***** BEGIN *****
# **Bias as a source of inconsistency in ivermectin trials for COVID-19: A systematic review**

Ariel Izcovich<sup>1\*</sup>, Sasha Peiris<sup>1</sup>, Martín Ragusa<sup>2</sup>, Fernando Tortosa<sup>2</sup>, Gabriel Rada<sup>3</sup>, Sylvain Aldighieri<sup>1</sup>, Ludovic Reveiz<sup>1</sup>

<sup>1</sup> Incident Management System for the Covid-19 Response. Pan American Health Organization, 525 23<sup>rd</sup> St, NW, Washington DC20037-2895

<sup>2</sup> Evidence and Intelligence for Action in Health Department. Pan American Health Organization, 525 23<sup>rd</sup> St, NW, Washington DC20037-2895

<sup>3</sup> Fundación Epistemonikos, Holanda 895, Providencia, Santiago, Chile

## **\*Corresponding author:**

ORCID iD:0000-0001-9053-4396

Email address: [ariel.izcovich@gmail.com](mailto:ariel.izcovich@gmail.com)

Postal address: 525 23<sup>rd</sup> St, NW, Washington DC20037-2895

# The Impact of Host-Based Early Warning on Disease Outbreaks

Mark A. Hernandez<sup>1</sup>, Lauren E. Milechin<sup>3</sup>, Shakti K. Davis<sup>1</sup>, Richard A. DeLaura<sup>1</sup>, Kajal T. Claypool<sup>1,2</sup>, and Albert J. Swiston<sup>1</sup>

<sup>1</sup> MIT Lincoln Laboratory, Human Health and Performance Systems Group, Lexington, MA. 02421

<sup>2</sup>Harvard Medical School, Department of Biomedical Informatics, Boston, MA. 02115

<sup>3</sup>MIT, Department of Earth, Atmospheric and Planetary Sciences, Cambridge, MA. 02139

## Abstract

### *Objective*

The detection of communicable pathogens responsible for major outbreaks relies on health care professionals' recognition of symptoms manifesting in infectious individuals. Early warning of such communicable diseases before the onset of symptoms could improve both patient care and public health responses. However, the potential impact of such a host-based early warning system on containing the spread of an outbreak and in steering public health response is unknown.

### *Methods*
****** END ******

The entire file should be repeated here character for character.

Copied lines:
# **Bias as a source of inconsistency in ivermectin trials for COVID-19: A systematic review**

Ariel Izcovich<sup>1\*</sup>, Sasha Peiris<sup>1</sup>, Martín Ragusa<sup>2</sup>, Fernando Tortosa<sup>2</sup>, Gabriel Rada<sup>3</sup>, Sylvain Aldighieri<sup>1</sup>, Ludovic Reveiz<sup>1</sup>

<sup>1</sup> Incident Management System for the Covid-19 Response. Pan American Health Organization, 525 23<sup>rd</sup> St, NW, Washington DC20037-2895

<sup>2</sup> Evidence and Intelligence for Action in Health Department. Pan American Health Organization, 525 23<sup>rd</sup> St, NW, Washington DC20037-2895

<sup>3</sup> Fundación Epistemonikos, Holanda 895, Providencia, Santiago, Chile

## **\*Corresponding author:**

ORCID iD:0000-0001-9053-4396

Email address: [ariel.izcovich@gmail.com](mailto:ariel.izcovich@gmail.com)

Postal address: 525 23<sup>rd</sup> St, NW, Washington DC20037-2895

# The Impact of Host-Based Early Warning on Disease Outbreaks

Mark A. Hernandez<sup>1</sup>, Lauren E. Milechin<sup>3</sup>, Shakti K. Davis<sup>1</sup>, Richard A. DeLaura<sup>1</sup>, Kajal T. Claypool<sup>1,2</sup>, and Albert J. Swiston<sup>1</sup>

<sup>1</sup> MIT Lincoln Laboratory, Human Health and Performance Systems Group, Lexington, MA. 02421

<sup>2</sup>Harvard Medical School, Department of Biomedical Informatics, Boston, MA. 02115

<sup>3</sup>MIT, Department of Earth, Atmospheric and Planetary Sciences, Cambridge, MA. 02139

## Abstract

### *Objective*

The detection of communicable pathogens responsible for major outbreaks relies on health care professionals' recognition of symptoms manifesting in infectious individuals. Early warning of such communicable diseases before the onset of symptoms could improve both patient care and public health responses. However, the potential impact of such a host-based early warning system on containing the spread of an outbreak and in steering public health response is unknown.

### *Methods*